The Battle of Hoke’s Run, also known as the Battle of Falling Waters or Hainesville, took place on July 2, 1861, in Berkeley County, Virginia (now West Virginia) as part of the Manassas Campaign of the American Civil War. Notable as an early engagement of Confederate Colonel Thomas J. Jackson and his Brigade of Virginia Volunteers, nineteen days before their famous nickname would originate, this brief skirmish was hailed by both sides as a stern lesson to the other. Acting precisely upon the orders of a superior officer about how to operate in the face of superior numbers, Jackson’s forces resisted General Robert Patterson’s Union forces briefly and then slowly retreated over several miles.
On July 2, Maj. Gen. Robert Patterson’s division crossed the Potomac River near Williamsport, Maryland and marched on the main road to Martinsburg. Near Hoke’s Run, the Union brigades of Cols. John J. Abercrombie and George H. Thomas encountered regiments of Col. Thomas J. Jackson’s Confederate brigade, driving them back slowly. Jackson accomplished his orders to delay the Federal advance, withdrawing before Patterson’s larger force.
Figures vary. The National Park Service quotes Union as 23 and Confederate as 91 (without differentiating types of casualties). Kennedy cites 75 Union deaths and 25 Confederate deaths. In his Official Report, Major-General Robert Patterson states the number of Confederate deaths as “over sixty” but does not describe Union casualties.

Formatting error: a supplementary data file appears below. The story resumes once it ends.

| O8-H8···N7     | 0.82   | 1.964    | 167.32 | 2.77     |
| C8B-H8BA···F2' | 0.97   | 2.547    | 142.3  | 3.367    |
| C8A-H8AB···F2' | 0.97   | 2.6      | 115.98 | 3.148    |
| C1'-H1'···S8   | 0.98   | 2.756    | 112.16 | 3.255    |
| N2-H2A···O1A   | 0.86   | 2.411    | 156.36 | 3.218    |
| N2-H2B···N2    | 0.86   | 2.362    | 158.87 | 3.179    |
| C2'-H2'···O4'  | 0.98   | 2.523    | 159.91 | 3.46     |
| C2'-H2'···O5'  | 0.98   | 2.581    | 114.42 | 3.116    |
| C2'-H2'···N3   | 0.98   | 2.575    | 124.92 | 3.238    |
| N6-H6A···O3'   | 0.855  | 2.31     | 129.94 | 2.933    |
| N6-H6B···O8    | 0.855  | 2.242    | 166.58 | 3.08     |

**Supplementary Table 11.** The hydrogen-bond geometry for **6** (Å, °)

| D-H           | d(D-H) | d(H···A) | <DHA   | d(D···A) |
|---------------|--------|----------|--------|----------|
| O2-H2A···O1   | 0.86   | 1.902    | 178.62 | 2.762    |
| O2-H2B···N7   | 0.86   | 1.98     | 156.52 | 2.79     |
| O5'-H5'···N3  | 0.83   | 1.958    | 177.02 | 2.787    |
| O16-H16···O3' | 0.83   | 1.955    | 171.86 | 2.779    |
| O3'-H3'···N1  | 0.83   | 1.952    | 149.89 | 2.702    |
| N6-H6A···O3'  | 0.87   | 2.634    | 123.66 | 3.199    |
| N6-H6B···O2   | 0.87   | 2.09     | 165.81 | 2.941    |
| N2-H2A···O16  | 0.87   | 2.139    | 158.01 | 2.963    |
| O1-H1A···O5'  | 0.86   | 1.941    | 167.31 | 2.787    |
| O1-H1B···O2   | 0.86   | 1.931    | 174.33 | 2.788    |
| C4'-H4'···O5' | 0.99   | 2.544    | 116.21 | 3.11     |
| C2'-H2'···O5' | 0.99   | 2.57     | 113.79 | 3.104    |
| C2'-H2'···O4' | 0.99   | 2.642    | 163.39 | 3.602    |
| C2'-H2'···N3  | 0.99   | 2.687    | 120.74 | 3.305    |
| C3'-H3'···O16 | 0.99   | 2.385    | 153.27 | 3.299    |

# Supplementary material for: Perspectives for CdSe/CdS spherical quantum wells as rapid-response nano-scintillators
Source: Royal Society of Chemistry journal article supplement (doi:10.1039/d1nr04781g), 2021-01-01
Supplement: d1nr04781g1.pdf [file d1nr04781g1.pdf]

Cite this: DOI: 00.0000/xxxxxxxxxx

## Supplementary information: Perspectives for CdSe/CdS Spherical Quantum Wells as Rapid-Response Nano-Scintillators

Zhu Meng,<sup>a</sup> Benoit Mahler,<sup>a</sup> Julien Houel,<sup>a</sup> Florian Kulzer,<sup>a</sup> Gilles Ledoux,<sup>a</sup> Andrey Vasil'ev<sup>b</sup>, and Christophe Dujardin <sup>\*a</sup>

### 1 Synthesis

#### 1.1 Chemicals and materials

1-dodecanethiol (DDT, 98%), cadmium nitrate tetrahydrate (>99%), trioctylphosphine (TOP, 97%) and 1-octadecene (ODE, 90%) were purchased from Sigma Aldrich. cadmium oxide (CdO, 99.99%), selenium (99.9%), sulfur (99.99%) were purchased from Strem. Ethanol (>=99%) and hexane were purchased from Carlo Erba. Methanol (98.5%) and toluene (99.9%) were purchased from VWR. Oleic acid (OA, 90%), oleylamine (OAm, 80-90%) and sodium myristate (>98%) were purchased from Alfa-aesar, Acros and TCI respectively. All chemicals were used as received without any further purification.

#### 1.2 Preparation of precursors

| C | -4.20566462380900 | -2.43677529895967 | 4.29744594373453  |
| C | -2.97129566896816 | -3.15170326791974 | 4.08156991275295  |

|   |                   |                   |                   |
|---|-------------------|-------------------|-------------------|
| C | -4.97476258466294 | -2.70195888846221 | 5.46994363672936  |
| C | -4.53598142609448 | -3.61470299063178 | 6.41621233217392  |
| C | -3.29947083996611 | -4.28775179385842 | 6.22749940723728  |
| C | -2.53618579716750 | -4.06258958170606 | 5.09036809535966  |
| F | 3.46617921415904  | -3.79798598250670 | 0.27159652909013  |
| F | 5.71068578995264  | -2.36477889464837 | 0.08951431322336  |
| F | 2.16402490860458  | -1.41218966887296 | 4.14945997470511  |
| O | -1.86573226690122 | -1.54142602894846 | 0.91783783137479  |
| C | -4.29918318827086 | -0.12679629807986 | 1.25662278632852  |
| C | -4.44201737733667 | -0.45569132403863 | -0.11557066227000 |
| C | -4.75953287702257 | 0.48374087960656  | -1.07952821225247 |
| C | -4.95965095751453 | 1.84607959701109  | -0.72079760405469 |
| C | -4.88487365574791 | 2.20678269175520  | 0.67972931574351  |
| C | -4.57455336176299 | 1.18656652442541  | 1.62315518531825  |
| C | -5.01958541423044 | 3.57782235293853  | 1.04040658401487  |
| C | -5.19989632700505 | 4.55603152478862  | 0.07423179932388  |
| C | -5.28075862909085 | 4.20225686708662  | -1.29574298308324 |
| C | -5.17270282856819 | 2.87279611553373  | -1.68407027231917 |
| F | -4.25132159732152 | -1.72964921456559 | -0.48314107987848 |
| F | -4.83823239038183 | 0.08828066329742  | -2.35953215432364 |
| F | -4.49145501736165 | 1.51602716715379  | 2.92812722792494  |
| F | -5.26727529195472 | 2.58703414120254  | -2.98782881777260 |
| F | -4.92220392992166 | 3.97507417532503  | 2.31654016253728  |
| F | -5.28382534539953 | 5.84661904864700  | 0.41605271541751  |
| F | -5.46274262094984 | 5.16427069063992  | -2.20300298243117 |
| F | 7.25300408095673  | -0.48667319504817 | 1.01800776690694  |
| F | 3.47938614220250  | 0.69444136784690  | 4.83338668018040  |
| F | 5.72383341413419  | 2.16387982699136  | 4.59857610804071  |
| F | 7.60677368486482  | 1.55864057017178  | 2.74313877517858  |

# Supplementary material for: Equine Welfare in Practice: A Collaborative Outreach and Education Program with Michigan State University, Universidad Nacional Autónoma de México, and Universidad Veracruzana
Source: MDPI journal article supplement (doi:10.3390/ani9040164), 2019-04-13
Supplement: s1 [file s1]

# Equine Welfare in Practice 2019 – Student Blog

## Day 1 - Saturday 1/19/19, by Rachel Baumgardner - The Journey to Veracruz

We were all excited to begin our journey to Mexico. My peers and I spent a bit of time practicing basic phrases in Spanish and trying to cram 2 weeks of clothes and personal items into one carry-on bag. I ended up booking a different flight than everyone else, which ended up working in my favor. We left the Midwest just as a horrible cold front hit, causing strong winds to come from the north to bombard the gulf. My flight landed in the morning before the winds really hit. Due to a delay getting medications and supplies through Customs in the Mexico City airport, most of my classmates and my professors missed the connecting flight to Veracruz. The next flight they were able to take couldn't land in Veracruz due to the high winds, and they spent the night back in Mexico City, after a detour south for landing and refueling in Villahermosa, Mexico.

After the time for propagandizing the casualty figures ended, the following Union regiments precisely reported the sacrifices of their comrades-in-arms:
First Wisconsin Infantry: 1 killed, 5 wounded, 1 captured.
Eleventh Pennsylvania Infantry: 1 killed, 10 wounded, none captured.
Fifteenth Pennsylvania Infantry: 1 wounded, 35 captured (six of whom died in Confederate prisons within nine months).
On July 3, Patterson occupied Martinsburg, but made no further aggressive moves until July 15, when he marched to Bunker Hill. Instead of moving on Winchester, however, Patterson turned east to Charles Town and then withdrew to Harpers Ferry.
Patterson’s retrograde movement took pressure off Confederate forces in the Shenandoah Valley and allowed Brig. Gen. Joseph E. Johnston’s Army of the Shenandoah to march to support Brig. Gen. P.G.T. Beauregard at Manassas Junction. Following the stunning Union defeat at the First Battle of Bull Run on July 21, the Union commander at Hoke’s Run, General Robert Patterson, was assigned popular blame without participating while the Confederate commander at Hoke’s Run was assigned glory for his actions during the first major battle of the War; thereafter, the two commanders and two engagements, one a brief skirmish and the other a major battle, cannot be uncoupled in retro analysis.